Most emergencies in life affect us financially. Job loss, serious illness, injury, a major necessary home repair, or perhaps a needed repair to your vehicle – any of these can be costly. There’s also the risk of a natural disaster. We have clients in many states – and we know that several have experienced hurricanes, flooding, tornadoes, mudslides, wildfires, and major blizzards.
Coping with all these emergencies requires two things; and that is ’money’ and ‘planning’. Adequate insurance is certainly part of the planning process, but insurance only helps with some of the possible emergencies we’ve mentioned. Many other emergencies require us to rely on other financial resources, and handling life’s unexpected events without accumulating excessive debt or draining your savings can be a daunting task.
We understand that throughout our adult lives, covering daily expenses is a basic concern while dealing with whatever emergency has come up. This is true while when working and still true during retirement.
Having an emergency fund is always important. For young workers, the first goal for an emergency fund is 3 to 6 months of living expenses set aside in a savings account. An emergency fund remains important in retirement. It’s not uncommon for a retired person to have a year’s worth of basic living expense money set aside in savings – separate from investment portfolios. Starting retirement with a large emergency fund can help provide the opportunity to let longer-term investments grow.
Consider working part time. Retiring after a long-term career does not always mean never working again – and that can be good for many reasons. Active retirees often enjoy working part time. Social interaction, helping support a cause, mentoring, and learning new things are all examples of positives that can come from working part time. Of course, in many cases, the extra money comes in handy too.
Make a plan to deal with medical emergencies. Health insurance, Medicare, and Medicare Supplemental policies can help with much of the financial risk if a major illness or injury occurs, but there might be other needs that these conventional health insurance policies don’t cover. The possible need for long-term care in a nursing home is a topic that could take up an entirely separate article, but for now, just understand that needing skilled nursing care for an extended period of time goes way beyond an emergency savings account. It’s also possible a retiree might simply need to pay for some help at home for a number of weeks while recovering from an illness or surgery – and that’s where emergency savings can certainly help.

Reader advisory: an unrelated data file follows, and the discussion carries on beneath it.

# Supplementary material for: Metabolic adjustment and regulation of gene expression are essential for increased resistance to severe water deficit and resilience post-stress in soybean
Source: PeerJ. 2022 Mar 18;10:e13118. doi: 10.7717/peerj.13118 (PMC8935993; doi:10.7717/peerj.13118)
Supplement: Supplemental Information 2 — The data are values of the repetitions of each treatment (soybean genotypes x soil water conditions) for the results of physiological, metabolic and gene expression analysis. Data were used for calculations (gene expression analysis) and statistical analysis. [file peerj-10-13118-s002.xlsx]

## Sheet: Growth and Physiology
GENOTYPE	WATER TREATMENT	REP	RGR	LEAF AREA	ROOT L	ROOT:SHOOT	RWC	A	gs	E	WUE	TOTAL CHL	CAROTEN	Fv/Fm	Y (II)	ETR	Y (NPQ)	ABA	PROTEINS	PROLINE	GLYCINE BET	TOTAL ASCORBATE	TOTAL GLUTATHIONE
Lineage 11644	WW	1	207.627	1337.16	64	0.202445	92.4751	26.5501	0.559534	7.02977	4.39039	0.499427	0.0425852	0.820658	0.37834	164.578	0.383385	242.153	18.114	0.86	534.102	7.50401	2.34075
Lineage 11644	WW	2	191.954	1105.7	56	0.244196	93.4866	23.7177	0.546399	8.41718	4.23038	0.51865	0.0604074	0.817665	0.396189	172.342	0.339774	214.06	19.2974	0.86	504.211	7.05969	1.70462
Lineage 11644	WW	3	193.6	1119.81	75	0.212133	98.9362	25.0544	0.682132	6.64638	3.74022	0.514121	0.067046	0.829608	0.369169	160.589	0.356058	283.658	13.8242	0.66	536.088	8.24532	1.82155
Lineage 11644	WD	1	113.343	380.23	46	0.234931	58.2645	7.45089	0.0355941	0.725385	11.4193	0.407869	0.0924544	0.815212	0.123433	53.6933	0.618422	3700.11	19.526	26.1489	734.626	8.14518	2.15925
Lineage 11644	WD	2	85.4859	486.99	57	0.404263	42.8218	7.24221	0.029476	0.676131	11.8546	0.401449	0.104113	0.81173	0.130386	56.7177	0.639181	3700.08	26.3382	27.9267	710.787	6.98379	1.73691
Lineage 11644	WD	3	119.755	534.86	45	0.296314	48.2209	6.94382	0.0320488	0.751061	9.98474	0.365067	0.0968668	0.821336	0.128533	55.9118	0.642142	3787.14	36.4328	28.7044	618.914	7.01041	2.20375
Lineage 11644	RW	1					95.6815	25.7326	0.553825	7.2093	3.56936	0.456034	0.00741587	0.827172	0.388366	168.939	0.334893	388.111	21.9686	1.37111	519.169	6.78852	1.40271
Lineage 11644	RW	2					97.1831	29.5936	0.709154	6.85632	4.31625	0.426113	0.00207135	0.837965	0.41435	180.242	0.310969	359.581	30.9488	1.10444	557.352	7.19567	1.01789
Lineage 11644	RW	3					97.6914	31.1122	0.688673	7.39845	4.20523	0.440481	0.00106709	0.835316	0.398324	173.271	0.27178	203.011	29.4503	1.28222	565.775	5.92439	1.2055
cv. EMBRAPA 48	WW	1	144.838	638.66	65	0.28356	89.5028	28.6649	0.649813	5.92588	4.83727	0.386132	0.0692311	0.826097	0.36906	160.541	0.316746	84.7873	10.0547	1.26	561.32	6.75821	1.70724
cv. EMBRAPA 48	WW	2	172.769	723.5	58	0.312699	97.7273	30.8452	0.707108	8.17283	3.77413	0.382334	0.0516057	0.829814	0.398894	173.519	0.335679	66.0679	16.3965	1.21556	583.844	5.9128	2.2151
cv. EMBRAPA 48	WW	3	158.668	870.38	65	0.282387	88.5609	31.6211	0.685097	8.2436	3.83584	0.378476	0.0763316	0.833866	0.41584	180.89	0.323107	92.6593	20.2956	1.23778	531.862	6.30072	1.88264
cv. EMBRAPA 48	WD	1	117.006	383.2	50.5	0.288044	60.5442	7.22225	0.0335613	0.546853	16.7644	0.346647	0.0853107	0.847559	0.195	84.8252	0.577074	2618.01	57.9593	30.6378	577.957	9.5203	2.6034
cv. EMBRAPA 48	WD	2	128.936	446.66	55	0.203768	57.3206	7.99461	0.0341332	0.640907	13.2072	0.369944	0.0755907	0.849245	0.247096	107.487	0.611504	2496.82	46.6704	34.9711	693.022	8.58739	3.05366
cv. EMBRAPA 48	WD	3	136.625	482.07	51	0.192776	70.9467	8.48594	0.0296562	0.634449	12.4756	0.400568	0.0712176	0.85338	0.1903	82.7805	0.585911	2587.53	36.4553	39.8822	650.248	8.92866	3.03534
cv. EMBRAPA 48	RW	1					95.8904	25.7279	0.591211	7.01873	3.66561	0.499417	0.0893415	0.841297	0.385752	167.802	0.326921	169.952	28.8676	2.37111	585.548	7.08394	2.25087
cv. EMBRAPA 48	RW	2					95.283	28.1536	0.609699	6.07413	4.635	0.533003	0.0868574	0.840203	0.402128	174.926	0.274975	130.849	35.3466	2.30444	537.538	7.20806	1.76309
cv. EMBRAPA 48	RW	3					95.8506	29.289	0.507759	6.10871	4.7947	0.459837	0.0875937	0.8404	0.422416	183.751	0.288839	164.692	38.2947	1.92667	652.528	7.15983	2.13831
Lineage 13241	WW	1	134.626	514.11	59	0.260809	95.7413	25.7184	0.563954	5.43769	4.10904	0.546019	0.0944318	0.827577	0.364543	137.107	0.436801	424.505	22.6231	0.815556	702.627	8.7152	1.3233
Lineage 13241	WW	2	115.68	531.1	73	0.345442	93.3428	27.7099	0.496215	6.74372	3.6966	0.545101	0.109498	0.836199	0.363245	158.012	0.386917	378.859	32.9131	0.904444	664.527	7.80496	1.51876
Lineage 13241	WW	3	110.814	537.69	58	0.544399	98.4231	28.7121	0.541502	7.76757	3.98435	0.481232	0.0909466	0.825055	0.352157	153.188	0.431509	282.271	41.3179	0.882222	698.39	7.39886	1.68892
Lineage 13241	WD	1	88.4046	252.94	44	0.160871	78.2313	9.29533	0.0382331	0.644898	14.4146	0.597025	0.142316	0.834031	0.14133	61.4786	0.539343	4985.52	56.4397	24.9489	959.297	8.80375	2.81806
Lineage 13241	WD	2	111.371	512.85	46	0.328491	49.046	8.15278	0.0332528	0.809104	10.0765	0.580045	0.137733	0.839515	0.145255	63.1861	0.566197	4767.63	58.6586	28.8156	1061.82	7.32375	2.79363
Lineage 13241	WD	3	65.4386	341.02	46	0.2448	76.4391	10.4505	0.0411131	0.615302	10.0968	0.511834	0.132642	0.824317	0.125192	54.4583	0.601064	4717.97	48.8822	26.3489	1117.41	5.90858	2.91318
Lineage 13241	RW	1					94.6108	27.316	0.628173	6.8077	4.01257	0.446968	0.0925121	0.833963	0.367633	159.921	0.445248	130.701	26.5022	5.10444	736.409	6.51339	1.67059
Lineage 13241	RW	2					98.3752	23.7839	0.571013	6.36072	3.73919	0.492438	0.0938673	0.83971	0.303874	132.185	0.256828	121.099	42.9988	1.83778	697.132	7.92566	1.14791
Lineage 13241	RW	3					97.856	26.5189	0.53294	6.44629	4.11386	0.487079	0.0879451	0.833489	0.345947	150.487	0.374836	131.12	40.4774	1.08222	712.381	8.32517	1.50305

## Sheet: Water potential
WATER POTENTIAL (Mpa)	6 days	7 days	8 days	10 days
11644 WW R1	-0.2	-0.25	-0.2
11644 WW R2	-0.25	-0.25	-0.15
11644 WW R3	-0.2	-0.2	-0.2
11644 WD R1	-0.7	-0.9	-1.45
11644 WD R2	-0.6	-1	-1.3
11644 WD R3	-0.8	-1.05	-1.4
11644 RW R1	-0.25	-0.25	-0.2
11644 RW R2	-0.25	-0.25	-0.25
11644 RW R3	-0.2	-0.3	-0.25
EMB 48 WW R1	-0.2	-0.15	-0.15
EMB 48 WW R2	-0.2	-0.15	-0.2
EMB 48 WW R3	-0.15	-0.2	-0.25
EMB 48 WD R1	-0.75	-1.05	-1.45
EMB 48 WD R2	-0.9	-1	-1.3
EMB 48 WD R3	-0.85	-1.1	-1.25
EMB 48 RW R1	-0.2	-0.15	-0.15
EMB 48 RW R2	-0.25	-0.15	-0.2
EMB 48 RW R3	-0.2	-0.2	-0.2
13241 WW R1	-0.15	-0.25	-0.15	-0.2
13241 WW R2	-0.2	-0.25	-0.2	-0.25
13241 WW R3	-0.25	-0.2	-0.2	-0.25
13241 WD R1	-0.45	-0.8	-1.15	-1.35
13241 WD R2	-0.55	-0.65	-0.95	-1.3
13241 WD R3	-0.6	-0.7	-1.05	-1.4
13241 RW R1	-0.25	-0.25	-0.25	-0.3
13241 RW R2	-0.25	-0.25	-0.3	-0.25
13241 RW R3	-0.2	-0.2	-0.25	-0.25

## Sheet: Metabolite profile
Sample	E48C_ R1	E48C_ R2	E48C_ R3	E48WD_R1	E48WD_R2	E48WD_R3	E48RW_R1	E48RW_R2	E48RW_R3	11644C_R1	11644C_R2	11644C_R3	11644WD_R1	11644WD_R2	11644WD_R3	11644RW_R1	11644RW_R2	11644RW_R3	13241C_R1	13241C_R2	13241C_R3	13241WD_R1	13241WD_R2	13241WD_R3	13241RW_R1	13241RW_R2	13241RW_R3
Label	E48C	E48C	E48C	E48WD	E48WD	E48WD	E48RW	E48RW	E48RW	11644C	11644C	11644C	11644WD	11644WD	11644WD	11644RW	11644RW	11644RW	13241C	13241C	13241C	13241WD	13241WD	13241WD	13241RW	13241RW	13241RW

Emergency supplies and equipment might be important too. Those of us that live in Florida know about getting our hurricane supplies ready each year. A relatively new item that is becoming a popular emergency supply item is the compact solar lantern/phone charger. Having a generator is a good idea too – and not just in Florida. And we all know someone in the mid-west that went without power for almost two weeks in the winter because of an ice storm.
Create an offline and online phone directory for emergency numbers. Important contacts should be at your fingertips in case of any emergency. Having quick access to both online and offline phone directories are an important solution. You can create a list of numbers highlighted with the type of emergency on your phone, in the cloud and on your desktop computer or laptop. Also, keep some hard copies of all those emergency contacts in your medical supplies box and your important document folders. It also makes sense to let a trusted family member know where to find your hard copy list of emergency contacts.
Understanding what potential emergencies are and considering them during your retirement planning phase can help you in managing them properly. Create a Plan B or even a Plan C to tackle these emergencies, just in case you need it. As the saying goes – “stuff” happens – and we all recognize that when emergencies arise, it’s often part of life – and it’s stressful. It’s also true that being prepared can make some of those emergencies less stressful – and less damaging to your financial well being.
Presented by Clear View Financial Services, LLC. Opinions expressed are that of the author and are not endorsed by the named broker-dealer or its affiliates. All information herein has been prepared solely for informational purposes, and it is not an offer to buy or sell, or a solicitation of an offer to buy or sell any security or instrument or to participate in any particular trading strategy. The information in this article is not intended as tax or legal advice. You are encouraged to seek tax or legal advice from an independent professional advisor.